François-Philippe Champagne says there’s a great buzz in Newfoundland and Labrador these days and it’s not all about Marystown figure skater Kaetlyn Osmond’s Olympic bronze medal.
The federal minister of International Trade says whether it’s export products and services from oil and gas, fisheries or the mining industry, last fall’s Canada-Europe Trade Agreement (CETA) and the recently inked Comprehensive and Progressive Trans-Pacific Partnership (CPTPP) are providing individuals and small and medium sized enterprises (SMEs) with an opportunity to prosper through trade diversification.
“When I look at this province, about 34 per cent of everything that’s produced is export, so this is a province which understands trade. Trade is in the DNA of Newfoundlanders and Labradorians,” Champagne told The Telegram prior to touring the Marine Institute’s food procesing pilot plant on Friday morning.
“Let’s work together to make sure our companies and our businesses are seizing the opportunity to get first mover advantage in these markets because we know in trade, first mover advantage is essential.”
Champagne’s stop in St. John’s was the last in his cross-country tour called #TradeTalks, which aimed to promote the new agreements and create more awareness of the markets and the opportunities to create jobs and foster prosperity.
“Canada has preferential market access to about 1.2 billion consumers in some of the biggest markets of the world and when we add the markets of the CPTPP, we’re going to add another 500 million people,” he said.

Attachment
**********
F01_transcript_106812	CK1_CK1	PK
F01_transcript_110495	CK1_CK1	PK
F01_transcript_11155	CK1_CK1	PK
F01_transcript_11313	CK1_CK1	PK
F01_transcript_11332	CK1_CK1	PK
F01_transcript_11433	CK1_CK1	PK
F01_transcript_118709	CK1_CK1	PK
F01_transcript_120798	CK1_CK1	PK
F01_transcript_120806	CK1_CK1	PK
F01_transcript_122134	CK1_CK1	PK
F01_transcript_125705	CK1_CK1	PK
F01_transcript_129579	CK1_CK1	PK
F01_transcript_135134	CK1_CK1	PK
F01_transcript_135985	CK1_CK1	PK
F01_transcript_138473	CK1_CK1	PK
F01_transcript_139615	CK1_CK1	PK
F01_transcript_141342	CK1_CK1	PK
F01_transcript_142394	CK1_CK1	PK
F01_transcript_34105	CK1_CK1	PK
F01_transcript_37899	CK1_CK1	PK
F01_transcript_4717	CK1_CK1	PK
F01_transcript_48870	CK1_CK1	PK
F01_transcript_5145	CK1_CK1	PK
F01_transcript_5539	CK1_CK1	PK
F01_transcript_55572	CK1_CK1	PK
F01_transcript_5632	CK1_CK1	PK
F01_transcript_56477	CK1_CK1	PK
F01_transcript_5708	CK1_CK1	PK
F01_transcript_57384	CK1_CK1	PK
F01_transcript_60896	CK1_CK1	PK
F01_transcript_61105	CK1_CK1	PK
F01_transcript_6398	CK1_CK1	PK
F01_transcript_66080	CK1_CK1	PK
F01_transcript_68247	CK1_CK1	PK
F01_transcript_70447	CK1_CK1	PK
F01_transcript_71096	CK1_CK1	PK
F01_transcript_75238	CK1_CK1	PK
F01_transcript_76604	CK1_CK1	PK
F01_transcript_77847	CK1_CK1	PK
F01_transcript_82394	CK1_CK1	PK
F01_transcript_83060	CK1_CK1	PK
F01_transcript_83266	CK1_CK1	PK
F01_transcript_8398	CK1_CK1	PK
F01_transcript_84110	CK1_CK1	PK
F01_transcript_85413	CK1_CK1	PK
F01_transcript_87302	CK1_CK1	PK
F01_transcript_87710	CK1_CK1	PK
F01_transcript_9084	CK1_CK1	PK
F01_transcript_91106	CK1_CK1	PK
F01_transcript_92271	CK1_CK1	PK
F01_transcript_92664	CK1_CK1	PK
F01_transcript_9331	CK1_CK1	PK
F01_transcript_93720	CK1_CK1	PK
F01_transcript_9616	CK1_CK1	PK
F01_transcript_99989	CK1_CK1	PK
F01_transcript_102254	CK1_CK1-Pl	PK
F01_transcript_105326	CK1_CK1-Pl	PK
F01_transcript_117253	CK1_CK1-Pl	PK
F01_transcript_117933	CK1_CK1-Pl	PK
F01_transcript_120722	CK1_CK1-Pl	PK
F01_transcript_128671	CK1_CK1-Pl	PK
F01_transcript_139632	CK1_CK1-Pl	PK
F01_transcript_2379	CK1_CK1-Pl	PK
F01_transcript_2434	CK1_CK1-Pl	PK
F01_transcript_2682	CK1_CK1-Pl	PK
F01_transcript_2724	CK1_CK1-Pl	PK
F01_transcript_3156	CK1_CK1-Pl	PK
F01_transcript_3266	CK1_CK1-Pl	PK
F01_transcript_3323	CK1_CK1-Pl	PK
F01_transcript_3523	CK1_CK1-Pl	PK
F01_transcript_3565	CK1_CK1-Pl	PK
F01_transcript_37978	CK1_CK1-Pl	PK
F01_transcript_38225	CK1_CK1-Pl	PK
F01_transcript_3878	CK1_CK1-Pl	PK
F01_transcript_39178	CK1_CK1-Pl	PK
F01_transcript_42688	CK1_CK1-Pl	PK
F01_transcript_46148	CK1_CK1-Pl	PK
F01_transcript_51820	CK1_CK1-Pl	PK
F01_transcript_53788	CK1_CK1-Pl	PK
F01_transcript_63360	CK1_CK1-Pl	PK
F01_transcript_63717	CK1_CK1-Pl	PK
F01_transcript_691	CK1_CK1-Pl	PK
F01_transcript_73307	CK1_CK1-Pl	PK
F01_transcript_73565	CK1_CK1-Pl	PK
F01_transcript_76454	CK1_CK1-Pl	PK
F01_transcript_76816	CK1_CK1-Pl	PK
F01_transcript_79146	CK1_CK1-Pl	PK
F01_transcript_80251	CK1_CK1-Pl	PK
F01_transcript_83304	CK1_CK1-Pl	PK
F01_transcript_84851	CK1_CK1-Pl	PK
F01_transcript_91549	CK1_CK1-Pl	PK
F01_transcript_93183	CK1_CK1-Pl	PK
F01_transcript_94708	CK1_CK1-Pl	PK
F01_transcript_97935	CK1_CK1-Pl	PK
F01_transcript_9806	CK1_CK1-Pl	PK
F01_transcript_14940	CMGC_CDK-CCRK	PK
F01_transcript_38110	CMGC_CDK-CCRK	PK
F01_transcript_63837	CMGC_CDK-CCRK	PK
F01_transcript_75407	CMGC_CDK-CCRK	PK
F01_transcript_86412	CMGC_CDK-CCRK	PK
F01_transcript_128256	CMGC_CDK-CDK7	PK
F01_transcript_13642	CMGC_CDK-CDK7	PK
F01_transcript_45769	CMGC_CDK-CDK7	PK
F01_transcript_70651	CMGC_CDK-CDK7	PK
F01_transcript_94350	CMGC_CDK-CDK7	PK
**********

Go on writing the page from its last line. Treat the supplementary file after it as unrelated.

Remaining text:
Asked if the tour was in response to the difficulties renegotiating the North America Free Trade Agreement, Champagne says it remains Canada’s most important trade relationship, worth $2.4 billion in goods and services per day.
Canada is the largest energy supplier to the United States and nine million American jobs rely on Canadian money.
“And let’s remember we are their biggest customer. Canada is a bigger customer than China, Japan and the (United Kingdom) combined. Our relationship is not one of seller and buyer. We do things together.
“That being said, I think that Canadians also understand that the world economy is being diversified, that deep markets like Europe having access is providing stability, predictability.”
In Newfoundland and Labrador, 60 per cent of the trade heads south of the border and 60 per cent of that relates to oil and gas. Champagne says that won’t change, but diversification is key and this province is ideally positioned — geographically and economically — to take advantage of expanded market access in Europe and CETA.
In oil and gas, Champagne sees an opportunity to bolster labrour mobility through CETA by connecting the local network with that in Aberdeen, Scotland, widely regarded as the centre of Europe’s petroleum industry.
In the fish and seafood sector, products produced in this province that are already in high demand become more competitive.
“If you look at Europe and Canada, this is the place to be to export to these markets. Now the connectivity we’ve done with Asia-Pacific is obviously about the Japanese market, we all know this is a very deep market for fish and seafood products, so this is a great story for this province,” Champagne said.